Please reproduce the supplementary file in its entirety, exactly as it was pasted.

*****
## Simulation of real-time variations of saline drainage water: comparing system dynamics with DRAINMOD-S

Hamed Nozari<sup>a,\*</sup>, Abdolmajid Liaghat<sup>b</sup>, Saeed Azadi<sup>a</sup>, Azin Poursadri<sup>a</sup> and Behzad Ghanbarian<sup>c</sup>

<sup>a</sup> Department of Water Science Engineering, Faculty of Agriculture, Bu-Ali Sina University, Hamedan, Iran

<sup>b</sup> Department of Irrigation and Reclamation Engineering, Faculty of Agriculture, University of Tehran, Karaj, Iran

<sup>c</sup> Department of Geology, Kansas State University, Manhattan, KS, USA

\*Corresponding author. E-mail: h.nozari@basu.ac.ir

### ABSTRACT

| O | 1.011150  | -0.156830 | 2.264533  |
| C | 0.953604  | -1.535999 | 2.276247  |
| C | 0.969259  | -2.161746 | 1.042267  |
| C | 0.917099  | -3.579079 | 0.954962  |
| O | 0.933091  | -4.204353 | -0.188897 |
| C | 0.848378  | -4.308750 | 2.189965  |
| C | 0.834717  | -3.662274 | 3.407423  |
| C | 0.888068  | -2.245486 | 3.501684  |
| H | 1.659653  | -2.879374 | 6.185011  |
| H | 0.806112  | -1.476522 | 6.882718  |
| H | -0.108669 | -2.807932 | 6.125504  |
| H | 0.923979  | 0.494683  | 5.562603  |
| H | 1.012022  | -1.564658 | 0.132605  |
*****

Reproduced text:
## Simulation of real-time variations of saline drainage water: comparing system dynamics with DRAINMOD-S

Hamed Nozari<sup>a,\*</sup>, Abdolmajid Liaghat<sup>b</sup>, Saeed Azadi<sup>a</sup>, Azin Poursadri<sup>a</sup> and Behzad Ghanbarian<sup>c</sup>

<sup>a</sup> Department of Water Science Engineering, Faculty of Agriculture, Bu-Ali Sina University, Hamedan, Iran

<sup>b</sup> Department of Irrigation and Reclamation Engineering, Faculty of Agriculture, University of Tehran, Karaj, Iran

<sup>c</sup> Department of Geology, Kansas State University, Manhattan, KS, USA

\*Corresponding author. E-mail: h.nozari@basu.ac.ir

### ABSTRACT

| O | 1.011150  | -0.156830 | 2.264533  |
| C | 0.953604  | -1.535999 | 2.276247  |
| C | 0.969259  | -2.161746 | 1.042267  |
| C | 0.917099  | -3.579079 | 0.954962  |
| O | 0.933091  | -4.204353 | -0.188897 |
| C | 0.848378  | -4.308750 | 2.189965  |
| C | 0.834717  | -3.662274 | 3.407423  |
| C | 0.888068  | -2.245486 | 3.501684  |
| H | 1.659653  | -2.879374 | 6.185011  |
| H | 0.806112  | -1.476522 | 6.882718  |
| H | -0.108669 | -2.807932 | 6.125504  |
| H | 0.923979  | 0.494683  | 5.562603  |
| H | 1.012022  | -1.564658 | 0.132605  |